As the craftsman’s work is a life’s work, so is the architect’s work. It requires a long-term commitment and a broader goal than the limited task of designing a building. Our true concern must be not only with how our buildings are going to look, but also with how they respond to their use. More than making mere pictures or models, we should aim to make our buildings serve as a setting for people to communicate, to fulfill their aspirations and to let life’s drama be played out in full. This applies to a modest house as well as to large structures. When the building or street we design is used fully and comes to life, I am happy. We have heard it said, we make our buildings and then our buildings make us. Once we declare our profession, we must assume all its consequences.
I sympathize with those of my colleagues who want to humanize architecture. I understand their yearning for popular acceptance of their work. But can this be done easily without flippancy or condescension toward the people who live and work in our buildings? If we strive for more than merely to entertain, people must sense in our work that it is the fruit of patient personal involvement in their lives, that is a result of our common experience reflecting the joy and pain a life-long commitment brings. Only then will they truly make our work their own.
More than once today I have used the words ìearnestî and ìcommitment.î I do not mean to imply that architecture is all seriousness; only the search for it is.
I hope that the few buildings you saw show all the colorful facets of our society, the variety, numerous relationships and the beauty of the world we live in. Here, I want to pay my respects and show my admiration for you craftsmen from whom I learned the nature and limitations of the materials you use and the difficulties of striving to perfect our craft in achieving the goals we set for ourselves.
I remember the masons on my first house. I was not much older than the apprentice whom I found choking back tears of frustration with the clumsiness of his work and the rebukes of his boss.
Nearly 30 years later, we still collaborate on sometimes difficult masonry walls, fireplaces and paving patterns. I work with brick layers, tile setters, plasterers and carpenters whose years of learning their craft paralleled my years of trying to understand my profession. We are friends and we talk about our work like pilgrims on a journey to the same destination.
Wood is the natural material where I live, but where fire resistance, permanence, mass scale in large volume and deep, vibrant colors are called for, we turn to brick for bearing walls or a mantle thrown over a vulnerable frame.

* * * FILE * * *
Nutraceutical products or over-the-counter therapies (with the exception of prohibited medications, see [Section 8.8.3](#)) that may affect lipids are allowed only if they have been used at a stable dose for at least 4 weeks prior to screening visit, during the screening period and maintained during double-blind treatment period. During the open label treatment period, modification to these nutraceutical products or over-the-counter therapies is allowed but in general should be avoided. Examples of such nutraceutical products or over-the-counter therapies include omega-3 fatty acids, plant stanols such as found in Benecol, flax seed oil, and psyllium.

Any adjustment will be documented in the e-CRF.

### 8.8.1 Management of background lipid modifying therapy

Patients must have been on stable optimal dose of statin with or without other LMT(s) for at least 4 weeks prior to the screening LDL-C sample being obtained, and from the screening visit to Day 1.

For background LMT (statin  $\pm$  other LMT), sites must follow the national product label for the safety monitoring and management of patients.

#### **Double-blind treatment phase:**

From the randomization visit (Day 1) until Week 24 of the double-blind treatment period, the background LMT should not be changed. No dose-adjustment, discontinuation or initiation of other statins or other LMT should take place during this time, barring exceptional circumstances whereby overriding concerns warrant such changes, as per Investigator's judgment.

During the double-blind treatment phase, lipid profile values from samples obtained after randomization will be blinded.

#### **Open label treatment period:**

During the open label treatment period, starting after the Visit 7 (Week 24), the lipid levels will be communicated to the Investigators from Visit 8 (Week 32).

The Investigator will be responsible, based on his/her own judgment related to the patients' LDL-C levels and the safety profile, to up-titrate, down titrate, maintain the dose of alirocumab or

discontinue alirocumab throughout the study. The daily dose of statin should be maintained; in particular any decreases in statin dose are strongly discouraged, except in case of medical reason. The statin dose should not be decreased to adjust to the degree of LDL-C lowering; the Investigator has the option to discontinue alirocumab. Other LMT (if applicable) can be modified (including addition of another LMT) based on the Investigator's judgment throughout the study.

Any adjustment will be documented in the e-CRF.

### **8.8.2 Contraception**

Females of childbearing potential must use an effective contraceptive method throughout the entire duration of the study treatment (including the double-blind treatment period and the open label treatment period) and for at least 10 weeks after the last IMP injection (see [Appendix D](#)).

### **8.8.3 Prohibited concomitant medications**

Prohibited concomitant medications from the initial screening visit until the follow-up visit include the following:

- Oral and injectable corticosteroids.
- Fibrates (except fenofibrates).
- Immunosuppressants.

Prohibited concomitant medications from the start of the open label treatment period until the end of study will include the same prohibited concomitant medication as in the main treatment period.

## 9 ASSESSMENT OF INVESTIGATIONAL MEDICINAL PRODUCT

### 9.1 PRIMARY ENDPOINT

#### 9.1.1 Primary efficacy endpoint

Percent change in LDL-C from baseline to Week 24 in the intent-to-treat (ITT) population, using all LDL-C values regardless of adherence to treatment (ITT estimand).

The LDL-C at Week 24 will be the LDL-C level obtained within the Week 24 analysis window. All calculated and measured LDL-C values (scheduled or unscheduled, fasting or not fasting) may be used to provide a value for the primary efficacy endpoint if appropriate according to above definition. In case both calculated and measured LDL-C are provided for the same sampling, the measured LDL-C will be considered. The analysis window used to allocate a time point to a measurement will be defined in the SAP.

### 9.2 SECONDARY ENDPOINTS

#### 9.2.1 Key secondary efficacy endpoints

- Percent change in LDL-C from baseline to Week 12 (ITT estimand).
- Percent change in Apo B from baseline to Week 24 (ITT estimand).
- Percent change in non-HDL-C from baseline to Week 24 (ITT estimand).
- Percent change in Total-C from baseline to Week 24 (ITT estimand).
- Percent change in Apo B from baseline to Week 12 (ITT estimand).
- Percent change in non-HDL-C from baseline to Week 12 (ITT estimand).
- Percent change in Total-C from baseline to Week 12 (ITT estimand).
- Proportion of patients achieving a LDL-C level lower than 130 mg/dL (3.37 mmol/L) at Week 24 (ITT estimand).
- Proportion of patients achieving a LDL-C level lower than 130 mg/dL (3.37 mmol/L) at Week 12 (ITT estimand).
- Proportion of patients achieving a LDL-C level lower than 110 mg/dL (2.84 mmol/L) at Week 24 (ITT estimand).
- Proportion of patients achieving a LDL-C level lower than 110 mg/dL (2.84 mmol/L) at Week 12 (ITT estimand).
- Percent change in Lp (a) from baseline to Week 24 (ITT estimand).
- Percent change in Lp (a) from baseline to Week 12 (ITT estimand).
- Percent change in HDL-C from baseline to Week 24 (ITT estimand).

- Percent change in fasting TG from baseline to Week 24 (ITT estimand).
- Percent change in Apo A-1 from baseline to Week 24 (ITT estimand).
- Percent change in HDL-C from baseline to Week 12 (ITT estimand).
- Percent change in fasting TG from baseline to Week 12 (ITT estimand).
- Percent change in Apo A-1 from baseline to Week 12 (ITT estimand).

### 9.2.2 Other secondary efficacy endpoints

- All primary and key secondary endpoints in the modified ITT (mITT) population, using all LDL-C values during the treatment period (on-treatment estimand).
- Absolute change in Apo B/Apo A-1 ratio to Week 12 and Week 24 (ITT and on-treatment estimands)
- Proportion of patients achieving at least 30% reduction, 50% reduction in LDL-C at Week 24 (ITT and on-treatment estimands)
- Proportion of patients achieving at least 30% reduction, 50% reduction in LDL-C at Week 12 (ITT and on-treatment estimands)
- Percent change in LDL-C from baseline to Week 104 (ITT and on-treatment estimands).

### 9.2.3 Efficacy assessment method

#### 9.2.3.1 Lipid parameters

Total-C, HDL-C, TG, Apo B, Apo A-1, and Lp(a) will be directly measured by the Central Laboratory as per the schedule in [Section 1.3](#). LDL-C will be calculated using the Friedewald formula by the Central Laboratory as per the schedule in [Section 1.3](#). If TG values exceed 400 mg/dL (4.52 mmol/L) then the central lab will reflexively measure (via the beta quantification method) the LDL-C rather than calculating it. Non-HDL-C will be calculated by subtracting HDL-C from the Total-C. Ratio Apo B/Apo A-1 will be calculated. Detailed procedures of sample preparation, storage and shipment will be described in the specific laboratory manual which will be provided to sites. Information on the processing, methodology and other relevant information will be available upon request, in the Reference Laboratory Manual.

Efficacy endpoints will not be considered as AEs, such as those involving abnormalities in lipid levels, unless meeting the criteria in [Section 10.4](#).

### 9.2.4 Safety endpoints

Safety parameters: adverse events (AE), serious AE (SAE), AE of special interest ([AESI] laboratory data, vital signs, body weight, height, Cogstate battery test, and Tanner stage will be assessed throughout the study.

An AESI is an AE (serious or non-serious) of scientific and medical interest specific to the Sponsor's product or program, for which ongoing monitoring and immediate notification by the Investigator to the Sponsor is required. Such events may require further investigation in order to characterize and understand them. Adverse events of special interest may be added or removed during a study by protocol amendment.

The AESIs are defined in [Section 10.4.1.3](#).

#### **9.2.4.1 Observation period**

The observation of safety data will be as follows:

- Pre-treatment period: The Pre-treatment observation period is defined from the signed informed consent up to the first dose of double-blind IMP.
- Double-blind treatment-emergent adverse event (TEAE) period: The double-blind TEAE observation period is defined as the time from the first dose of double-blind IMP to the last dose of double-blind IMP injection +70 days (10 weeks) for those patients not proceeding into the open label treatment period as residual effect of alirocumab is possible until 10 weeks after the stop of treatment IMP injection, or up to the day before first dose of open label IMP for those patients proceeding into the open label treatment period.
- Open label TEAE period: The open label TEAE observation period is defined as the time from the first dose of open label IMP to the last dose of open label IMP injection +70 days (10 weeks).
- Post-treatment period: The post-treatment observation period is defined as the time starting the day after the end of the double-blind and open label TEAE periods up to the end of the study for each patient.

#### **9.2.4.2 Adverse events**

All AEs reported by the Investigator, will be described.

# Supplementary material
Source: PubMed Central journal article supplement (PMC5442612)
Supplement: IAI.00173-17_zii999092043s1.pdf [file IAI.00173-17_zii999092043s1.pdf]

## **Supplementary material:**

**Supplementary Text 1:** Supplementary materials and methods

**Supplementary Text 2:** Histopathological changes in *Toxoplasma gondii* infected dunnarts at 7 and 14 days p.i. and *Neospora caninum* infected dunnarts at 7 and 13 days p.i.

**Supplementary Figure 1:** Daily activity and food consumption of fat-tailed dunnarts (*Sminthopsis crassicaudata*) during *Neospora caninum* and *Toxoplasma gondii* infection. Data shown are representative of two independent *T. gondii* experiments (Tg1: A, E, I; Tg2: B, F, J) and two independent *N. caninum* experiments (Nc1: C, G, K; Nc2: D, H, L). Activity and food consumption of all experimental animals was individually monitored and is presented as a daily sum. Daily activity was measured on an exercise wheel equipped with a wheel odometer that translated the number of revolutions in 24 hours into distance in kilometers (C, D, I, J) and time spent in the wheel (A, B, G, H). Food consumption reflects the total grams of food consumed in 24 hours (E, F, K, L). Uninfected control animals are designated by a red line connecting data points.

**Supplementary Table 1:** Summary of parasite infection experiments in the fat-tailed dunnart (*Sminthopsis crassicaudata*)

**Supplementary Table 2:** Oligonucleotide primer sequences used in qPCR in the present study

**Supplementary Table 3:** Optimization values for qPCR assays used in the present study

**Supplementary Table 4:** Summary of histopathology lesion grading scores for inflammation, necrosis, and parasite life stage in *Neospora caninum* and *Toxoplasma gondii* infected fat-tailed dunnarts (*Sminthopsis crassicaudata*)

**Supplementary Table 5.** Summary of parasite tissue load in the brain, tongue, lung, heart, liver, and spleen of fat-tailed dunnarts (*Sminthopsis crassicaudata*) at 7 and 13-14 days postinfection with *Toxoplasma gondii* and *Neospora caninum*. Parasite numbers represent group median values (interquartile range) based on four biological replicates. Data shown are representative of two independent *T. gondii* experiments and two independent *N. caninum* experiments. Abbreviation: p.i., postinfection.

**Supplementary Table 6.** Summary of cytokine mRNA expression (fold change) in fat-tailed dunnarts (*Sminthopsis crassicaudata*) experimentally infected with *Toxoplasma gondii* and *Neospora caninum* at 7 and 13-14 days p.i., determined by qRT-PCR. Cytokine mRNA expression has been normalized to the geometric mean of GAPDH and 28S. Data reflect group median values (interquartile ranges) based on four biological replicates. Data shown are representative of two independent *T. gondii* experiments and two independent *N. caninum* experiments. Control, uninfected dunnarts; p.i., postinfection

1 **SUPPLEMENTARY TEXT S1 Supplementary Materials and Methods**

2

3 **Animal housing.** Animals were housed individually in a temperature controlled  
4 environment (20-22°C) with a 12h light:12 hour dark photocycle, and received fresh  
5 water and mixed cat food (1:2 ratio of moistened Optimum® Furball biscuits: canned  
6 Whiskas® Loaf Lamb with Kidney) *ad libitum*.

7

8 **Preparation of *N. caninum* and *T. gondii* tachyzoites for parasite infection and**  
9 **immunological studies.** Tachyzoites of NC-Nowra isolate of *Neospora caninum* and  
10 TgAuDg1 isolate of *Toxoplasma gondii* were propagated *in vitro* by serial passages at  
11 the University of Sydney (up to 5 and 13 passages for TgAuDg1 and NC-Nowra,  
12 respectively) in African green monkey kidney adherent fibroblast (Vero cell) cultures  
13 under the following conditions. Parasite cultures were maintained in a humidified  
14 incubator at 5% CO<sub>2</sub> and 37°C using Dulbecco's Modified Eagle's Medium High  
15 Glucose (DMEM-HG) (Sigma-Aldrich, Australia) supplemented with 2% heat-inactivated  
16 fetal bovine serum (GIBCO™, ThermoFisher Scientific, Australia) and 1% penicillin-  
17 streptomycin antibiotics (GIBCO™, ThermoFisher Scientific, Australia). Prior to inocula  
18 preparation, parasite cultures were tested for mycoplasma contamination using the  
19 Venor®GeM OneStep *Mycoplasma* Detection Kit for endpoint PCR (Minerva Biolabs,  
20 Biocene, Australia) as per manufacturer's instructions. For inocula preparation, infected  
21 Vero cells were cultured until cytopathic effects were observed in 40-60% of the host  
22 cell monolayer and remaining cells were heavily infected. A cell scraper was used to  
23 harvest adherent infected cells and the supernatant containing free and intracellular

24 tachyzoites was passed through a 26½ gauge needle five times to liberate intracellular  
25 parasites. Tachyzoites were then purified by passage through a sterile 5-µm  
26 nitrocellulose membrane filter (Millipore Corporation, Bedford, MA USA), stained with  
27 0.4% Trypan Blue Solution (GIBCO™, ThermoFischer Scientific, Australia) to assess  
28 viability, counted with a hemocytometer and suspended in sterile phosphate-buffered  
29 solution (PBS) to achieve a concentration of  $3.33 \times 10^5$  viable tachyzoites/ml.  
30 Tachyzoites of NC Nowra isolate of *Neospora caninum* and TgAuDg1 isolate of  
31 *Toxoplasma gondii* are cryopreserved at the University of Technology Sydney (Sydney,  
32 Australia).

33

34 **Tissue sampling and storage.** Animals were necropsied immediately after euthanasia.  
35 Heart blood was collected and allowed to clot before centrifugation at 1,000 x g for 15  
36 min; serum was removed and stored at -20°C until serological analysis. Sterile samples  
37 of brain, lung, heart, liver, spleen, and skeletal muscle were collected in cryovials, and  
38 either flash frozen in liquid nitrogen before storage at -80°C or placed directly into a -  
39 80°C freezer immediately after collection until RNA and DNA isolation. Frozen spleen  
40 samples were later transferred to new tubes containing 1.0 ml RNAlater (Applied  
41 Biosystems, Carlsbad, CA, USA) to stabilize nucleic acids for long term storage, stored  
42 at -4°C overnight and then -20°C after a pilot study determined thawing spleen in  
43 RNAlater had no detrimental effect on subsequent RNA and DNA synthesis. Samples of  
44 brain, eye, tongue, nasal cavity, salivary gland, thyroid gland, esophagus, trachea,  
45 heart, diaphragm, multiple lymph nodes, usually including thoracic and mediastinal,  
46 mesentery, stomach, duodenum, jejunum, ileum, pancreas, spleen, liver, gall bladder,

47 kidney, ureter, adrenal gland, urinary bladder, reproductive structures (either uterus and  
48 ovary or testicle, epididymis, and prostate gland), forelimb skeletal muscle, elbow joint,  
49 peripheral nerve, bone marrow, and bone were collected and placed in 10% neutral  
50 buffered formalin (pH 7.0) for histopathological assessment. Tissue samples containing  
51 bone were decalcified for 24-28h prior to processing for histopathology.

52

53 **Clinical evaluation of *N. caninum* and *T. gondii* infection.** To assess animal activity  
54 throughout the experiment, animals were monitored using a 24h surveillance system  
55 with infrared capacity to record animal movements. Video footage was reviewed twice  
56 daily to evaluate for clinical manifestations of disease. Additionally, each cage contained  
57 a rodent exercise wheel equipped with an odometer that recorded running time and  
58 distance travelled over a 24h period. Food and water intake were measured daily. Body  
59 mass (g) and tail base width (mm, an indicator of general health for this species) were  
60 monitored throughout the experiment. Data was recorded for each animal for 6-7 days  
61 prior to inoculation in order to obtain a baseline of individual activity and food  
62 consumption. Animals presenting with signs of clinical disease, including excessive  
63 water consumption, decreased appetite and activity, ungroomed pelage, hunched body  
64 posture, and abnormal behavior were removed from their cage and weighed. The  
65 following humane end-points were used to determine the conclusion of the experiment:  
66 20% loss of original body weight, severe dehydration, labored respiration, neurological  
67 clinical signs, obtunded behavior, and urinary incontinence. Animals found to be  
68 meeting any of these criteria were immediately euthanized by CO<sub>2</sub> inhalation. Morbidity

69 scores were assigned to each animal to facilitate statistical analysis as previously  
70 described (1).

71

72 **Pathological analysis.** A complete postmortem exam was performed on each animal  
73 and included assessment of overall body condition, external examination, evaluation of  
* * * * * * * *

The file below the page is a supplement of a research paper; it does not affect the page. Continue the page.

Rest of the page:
New methods of manufacture have limited rather than expanded the range of colors, textures and shapes of bricks. The scope of your craft has been narrowed, but you still lay each unit one by one, and the end result reflects the work of your hand. Craftsmanship is the touchstone of architecture. It speaks of quality and the striving for perfection. When all the fires have gone out, the spark of craftsmanship glows even in the ruins.
The cry for ever new images has left my profession on the periphery looking for more. You who have made your craft your life’s work remind us that the recognition of limits is not only a constant from which we cannot escape, but is also the center of our art and the reflection of God’s world.
I found courage and confirmation of this architectural philosophy in this quotation from Louis Sullivan’s Kindergarten Chats, whose prose, I confess, I found too thick in my early years, but I now read without embarrassment; “To vitalize building materials, animate them collectively with thought, a state of feeling, to charge them with a subjective significance and value, to make them a visible part of the genuine social fabric, to infuse into them the true life of the people, to impart to them the best that is in people, as the eye of the poet, looking below the surface of life, sees the best that is in the people, such is the real function of the architect.”
Although I hope that poetry has found expression in my work, I lack the courage to say to my clients that I want to lend to the buildings they see merely as necessity, that concentrated clarity only a poet’s eye sees-even when I could remind them of what Louis Sullivan taught us, that our work was the chosen expression of our citizenship. Perhaps your kind and generous recognition will now give me the courage to do so. Thank you very much.”
© HKP architects, and The International Union of Bricklayers and Allied Craftsmen.